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52
The universal composable security of quantum key distribution
 Theory of Cryptography: Second Theory of Cryptography Conference, volume 3378 of Lecture
, 2005
"... The existing unconditional security definitions of quantum key distribution (QKD) do not apply to joint attacks over QKD and the subsequent use of the resulting key. In this paper, we close this potential security gap by using a universal composability theorem for the quantum setting. We first deriv ..."
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Cited by 51 (3 self)
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The existing unconditional security definitions of quantum key distribution (QKD) do not apply to joint attacks over QKD and the subsequent use of the resulting key. In this paper, we close this potential security gap by using a universal composability theorem for the quantum setting. We first derive a composable security definition for QKD. We then prove that the usual security definition of QKD still implies the composable security definition. Thus, a key produced in any QKD protocol that is unconditionally secure in the usual definition can indeed be safely used, a property of QKD that is hitherto unproven. We propose two other useful sufficient conditions for composability. As a simple application of our result, we show that keys generated by repeated runs of QKD degrade slowly. 1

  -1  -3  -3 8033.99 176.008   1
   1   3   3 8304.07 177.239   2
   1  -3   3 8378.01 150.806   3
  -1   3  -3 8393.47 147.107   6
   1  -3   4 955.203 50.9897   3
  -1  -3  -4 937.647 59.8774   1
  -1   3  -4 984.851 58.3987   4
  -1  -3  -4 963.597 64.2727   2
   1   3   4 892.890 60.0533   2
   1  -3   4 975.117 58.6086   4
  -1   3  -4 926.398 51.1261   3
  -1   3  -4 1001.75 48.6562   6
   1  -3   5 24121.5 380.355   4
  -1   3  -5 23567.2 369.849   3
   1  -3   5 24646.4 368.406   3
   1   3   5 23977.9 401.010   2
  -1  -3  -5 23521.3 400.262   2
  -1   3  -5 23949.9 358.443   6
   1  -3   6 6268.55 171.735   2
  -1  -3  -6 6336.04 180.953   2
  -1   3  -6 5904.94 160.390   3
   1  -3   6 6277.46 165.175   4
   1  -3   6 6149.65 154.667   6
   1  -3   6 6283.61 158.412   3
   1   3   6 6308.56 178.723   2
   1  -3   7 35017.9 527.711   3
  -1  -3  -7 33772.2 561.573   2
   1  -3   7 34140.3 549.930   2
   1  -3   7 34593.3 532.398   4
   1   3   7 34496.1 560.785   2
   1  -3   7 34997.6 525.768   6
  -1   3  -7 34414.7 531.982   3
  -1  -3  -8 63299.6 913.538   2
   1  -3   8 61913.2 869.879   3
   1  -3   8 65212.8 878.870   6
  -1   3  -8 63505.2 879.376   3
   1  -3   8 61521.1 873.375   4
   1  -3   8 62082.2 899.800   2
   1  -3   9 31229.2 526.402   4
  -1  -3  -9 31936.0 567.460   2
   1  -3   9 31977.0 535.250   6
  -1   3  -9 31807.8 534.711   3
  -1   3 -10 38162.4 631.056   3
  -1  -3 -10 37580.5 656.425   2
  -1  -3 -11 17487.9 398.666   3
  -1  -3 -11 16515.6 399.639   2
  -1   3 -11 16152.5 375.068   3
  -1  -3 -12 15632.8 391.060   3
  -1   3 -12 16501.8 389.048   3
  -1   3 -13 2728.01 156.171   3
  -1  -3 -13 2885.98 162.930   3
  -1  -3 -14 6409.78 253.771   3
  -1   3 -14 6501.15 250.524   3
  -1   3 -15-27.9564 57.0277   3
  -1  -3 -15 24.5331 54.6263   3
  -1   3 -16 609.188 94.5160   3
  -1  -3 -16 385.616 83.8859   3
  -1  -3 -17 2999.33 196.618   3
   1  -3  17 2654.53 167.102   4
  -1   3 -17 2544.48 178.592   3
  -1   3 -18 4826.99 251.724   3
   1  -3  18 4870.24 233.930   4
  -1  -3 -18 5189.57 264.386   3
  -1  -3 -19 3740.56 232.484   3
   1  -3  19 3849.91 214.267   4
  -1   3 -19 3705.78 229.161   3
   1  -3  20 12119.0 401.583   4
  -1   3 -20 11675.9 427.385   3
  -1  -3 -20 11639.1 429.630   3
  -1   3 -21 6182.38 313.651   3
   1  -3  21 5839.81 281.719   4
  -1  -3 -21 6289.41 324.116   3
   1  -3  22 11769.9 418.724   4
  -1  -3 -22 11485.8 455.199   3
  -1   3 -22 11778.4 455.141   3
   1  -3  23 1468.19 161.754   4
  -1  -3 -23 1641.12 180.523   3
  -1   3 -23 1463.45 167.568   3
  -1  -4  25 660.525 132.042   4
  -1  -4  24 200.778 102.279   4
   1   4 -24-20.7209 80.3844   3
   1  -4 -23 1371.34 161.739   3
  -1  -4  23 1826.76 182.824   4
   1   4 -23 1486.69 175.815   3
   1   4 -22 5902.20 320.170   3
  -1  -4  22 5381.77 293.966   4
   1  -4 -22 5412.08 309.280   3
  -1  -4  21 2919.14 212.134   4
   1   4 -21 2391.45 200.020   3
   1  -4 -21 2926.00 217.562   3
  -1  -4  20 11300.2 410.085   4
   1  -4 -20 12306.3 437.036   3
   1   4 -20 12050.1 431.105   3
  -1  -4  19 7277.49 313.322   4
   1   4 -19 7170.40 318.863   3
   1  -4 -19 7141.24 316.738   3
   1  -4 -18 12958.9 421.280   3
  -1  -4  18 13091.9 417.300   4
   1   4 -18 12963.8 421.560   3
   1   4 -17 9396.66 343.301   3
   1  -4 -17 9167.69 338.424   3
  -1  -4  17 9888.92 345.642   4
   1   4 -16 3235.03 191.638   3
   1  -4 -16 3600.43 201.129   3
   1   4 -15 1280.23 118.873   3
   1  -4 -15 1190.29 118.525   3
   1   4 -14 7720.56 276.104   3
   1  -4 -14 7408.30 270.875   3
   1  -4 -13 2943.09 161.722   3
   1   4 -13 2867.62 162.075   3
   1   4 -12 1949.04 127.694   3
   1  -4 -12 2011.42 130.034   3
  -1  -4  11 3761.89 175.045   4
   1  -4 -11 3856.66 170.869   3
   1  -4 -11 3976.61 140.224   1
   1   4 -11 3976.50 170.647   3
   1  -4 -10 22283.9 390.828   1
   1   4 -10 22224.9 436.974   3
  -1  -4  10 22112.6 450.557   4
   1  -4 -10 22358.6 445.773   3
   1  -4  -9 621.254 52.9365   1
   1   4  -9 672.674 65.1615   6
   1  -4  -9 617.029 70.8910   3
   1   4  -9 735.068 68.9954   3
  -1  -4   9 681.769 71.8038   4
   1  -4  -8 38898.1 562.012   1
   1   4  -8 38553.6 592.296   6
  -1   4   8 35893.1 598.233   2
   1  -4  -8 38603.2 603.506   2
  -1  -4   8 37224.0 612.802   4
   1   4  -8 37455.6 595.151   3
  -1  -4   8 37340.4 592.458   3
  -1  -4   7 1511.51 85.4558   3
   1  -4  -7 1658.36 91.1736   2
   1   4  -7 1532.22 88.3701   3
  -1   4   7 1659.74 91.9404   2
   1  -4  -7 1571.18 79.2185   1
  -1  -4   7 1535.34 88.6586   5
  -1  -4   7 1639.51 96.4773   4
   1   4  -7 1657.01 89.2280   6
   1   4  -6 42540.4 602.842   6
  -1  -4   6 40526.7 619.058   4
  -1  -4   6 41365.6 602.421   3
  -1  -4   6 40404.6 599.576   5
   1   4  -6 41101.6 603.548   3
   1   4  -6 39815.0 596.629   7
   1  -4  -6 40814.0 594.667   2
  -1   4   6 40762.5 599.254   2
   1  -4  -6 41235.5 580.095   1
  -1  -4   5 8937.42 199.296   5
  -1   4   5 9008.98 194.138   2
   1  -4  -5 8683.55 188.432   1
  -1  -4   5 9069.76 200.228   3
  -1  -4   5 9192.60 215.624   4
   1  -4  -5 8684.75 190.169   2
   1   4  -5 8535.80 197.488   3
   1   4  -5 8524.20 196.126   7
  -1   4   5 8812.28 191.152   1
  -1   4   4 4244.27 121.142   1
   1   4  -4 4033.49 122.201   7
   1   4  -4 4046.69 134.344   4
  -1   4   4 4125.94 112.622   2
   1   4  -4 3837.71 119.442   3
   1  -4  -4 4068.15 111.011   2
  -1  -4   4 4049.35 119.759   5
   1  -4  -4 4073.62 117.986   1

Perfectly concealing quantum bit commitment from any quantum oneway permutation
, 2000
"... Abstract. We show that although unconditionally secure quantum bit commitment is impossible, it can be based upon any family of quantum oneway permutations. The resulting scheme is unconditionally concealing and computationally binding. Unlike the classical reduction of Naor, Ostrovski, Ventkatesen ..."
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Cited by 44 (8 self)
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Abstract. We show that although unconditionally secure quantum bit commitment is impossible, it can be based upon any family of quantum oneway permutations. The resulting scheme is unconditionally concealing and computationally binding. Unlike the classical reduction of Naor, Ostrovski, Ventkatesen and Young, our protocol is noninteractive and has communication complexity O(n) qubits for n a security parameter. 1
Quantum cryptography with imperfect apparatus
 In Foundations of Computer Science
, 1998
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Quantum publickey cryptosystems
 in Proc. of CRYPT0 2000
, 2000